The Real Difference Between Ssamjang And Gochujang

If you're confused about the difference between ssamjang and gochujang, you are not alone, and once you learn more about how they're made, it is easy to understand why. Cuisine Vault explains that both Korean barbecue sauces are made with similar ingredients and can be used interchangeably. In fact, the outlet says that an unaccustomed palate usually cannot taste the subtle nuances that differentiate the two condiments, and that one sauce could certainly fill in for the other in any recipe.

That being said, ssamjang and gochujang are definitely not the same. The breakdown can be a little confusing, but basically, all ssamjang paste contains gochujang paste — and gochujang does not contain ssamjang.

Two specific qualities appear to distinguish these very similar pastes from one another: recipes for ssamjang seems to offer more versatility than the traditional recipe for gochujang, and gochujang generally has more of a bite compared to the umami flavor of ssamjang (via Cuisine Vault).

One of the main ingredients in ssamjang is gochujang

As we delve into the characteristics of ssamjang (ssam: "to wrap," jang: "paste"), you should know that this sauce can contain a long list of ingredients and gochujang is always one of the most prominent.

Cuisine Vault reports that the primary components of ssamjang are an even ratio of spicy, almost "meaty" gochujang combined with doenjang (via Chicago Tribune) — a fermented soybean paste that tastes similar to miso. A little sesame oil is blended in to finish off the thick, savory condiment, and then the extra spices added are up to the chef.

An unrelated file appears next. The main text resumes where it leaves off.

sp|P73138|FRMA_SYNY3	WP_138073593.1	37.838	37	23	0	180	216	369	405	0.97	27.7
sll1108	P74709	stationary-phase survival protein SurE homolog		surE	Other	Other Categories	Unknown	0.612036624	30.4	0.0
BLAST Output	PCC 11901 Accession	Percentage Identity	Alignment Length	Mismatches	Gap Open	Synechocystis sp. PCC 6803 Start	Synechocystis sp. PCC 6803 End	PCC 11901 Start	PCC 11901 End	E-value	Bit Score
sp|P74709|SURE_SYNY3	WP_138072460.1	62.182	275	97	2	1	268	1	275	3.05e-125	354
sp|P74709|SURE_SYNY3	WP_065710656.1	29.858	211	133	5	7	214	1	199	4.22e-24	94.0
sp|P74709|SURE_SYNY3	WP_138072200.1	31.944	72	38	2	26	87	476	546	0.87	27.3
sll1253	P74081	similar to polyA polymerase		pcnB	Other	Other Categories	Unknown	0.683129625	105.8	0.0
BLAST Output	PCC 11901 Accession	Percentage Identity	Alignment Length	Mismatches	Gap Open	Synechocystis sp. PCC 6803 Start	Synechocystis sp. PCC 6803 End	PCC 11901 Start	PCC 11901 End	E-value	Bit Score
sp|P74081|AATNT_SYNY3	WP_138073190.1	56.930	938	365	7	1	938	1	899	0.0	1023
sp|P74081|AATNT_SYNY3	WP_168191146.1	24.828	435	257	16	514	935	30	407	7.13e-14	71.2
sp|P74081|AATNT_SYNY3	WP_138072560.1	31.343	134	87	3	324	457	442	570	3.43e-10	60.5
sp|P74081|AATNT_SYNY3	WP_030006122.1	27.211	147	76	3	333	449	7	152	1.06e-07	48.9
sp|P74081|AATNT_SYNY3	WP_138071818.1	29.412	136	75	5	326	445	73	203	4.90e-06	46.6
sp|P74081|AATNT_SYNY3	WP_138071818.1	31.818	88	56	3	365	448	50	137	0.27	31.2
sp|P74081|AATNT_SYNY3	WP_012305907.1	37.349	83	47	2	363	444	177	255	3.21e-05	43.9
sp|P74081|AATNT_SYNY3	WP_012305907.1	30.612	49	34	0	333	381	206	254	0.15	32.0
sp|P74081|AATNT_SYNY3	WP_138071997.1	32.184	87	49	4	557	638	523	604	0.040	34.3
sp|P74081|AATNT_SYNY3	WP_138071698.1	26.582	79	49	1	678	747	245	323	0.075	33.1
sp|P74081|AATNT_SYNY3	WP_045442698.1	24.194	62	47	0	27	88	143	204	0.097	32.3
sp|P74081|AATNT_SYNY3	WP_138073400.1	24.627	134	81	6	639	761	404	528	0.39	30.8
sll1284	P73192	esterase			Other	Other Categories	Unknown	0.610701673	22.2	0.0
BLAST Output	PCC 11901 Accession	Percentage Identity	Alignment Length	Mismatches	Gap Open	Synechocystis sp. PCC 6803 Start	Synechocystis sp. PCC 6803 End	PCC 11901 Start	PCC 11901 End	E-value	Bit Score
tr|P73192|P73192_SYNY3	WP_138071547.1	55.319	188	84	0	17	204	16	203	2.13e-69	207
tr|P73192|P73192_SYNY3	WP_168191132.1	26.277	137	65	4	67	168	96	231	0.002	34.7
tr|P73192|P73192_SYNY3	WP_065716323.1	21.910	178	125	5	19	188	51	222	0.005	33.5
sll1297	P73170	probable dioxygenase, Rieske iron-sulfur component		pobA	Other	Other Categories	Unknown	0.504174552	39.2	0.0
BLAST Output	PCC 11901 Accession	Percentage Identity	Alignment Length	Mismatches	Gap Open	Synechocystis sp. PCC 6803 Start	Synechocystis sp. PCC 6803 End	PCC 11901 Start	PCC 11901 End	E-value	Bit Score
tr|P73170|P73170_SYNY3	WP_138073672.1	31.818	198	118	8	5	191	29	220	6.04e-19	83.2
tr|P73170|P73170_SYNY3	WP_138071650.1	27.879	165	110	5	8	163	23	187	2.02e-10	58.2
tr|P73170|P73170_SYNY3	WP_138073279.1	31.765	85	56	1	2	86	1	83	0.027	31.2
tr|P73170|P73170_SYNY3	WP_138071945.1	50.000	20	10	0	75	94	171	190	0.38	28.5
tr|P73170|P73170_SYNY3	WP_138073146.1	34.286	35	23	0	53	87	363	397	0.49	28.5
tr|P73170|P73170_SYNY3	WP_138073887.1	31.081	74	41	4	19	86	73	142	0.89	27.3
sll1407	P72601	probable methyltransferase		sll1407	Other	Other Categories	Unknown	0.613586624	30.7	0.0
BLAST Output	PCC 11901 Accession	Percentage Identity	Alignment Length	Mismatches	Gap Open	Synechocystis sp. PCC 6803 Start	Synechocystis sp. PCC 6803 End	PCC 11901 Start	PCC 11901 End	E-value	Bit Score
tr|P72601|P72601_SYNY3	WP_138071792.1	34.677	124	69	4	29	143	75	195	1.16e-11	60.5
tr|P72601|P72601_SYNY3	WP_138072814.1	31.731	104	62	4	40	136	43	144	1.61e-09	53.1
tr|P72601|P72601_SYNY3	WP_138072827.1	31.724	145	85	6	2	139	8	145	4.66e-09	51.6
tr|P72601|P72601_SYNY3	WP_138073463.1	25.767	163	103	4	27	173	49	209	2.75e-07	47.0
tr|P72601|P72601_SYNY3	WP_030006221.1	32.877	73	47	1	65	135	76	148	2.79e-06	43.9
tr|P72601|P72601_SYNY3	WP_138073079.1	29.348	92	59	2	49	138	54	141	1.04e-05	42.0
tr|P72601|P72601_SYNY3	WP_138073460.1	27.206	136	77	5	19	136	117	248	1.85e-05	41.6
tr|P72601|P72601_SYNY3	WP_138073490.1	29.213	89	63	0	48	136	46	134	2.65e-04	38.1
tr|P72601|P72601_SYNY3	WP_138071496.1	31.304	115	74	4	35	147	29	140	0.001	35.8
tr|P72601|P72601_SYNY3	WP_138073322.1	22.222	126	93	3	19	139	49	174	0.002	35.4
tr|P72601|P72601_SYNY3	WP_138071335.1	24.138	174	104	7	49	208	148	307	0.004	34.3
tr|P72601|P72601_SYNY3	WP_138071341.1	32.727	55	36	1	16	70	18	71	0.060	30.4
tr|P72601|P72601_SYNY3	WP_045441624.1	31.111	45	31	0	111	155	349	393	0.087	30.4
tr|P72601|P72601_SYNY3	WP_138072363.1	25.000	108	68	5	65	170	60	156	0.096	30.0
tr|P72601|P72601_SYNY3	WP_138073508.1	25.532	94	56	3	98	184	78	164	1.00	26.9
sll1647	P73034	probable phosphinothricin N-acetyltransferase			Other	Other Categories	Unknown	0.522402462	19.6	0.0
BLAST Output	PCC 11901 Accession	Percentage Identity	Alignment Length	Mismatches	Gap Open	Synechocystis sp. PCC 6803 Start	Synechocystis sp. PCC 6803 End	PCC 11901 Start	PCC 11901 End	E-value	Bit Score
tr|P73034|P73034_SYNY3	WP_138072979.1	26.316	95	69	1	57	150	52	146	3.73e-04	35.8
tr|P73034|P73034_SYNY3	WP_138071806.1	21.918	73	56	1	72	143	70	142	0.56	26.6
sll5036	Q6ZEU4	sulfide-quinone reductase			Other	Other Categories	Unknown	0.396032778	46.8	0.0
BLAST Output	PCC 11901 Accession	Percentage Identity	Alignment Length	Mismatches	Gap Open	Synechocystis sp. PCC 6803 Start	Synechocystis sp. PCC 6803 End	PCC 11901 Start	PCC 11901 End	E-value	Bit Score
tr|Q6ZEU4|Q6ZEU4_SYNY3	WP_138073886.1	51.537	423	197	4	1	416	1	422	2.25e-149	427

Recipes for ssamjang vary considerably due to the numerous possible additions. Depending on the desired flavor profile, many sources suggest rounding out ssamjang paste with ingredients such as anchovy, dried shrimp, brown sugar (via Cuisine Vault), garlic, sauteed mushrooms, tofu (via Chow Divine), minced onion (via My Korean Kitchen), or chopped scallion.

Both give a flavorful zip to traditional Korean dishes

Gochujang (gochu: "chili pepper," jang: "paste") is, as the translation suggests, a smooth, quite spicy concoction of fermented chili paste mixed with salt and rice powder. Cuisine Vault reports that it makes a fantastic meat marinade or can add depth to stews or soups. However, the most common way in which to enjoy gochujang is as a condiment on bibimbap, "Korea's national rice dish." The flavorful meal consists of rice, kimchi, sliced veggies, and soy sauce as well as diced beef or pork and a fried egg, all accompanied by hot and slightly sweet gochujang.

Ssamjang is the pungent, salty star of a popular Korean street food called Ssam. Rice and little chunks of barbecued meat are enveloped in lettuce or cabbage, then drizzled or dipped in piquant ssamjang. If you're feeling a little adventurous, Cuisine Vault also likes the idea of using ssamjang as a dip for fried octopus. Yum.

Ssamjang and gochujang are easy to find

The Chicago Tribune and My Korean Kitchen say that containers of ssamjang and gochujang are readily available online and at local Asian markets. According to "Korean BBQ" cookbook author Bill Kim, gochujang is a complex, labor-intensive sauce and extremely time-consuming. He suggests purchasing gochujang as opposed to going through the difficult process of making it in your own kitchen (via Chicago Tribune).

On the other hand, the consensus from Cuisine Vault and My Korean Kitchen seems to be that ssamjang is easy to concoct at home — one of the primary benefits being that doing so allows one to tailor the taste to individual preference. Using the store-bought building blocks of gochujang and doenjang is a great head start, and the rest of the ssamjang can be prepared in no time at all.

Whether the recipe calls for sweet and spicy gochujang or salty ssamjang, either will do in a pinch — but now you know how this pair of delicious Korean barbecue sauces actually differ from one another.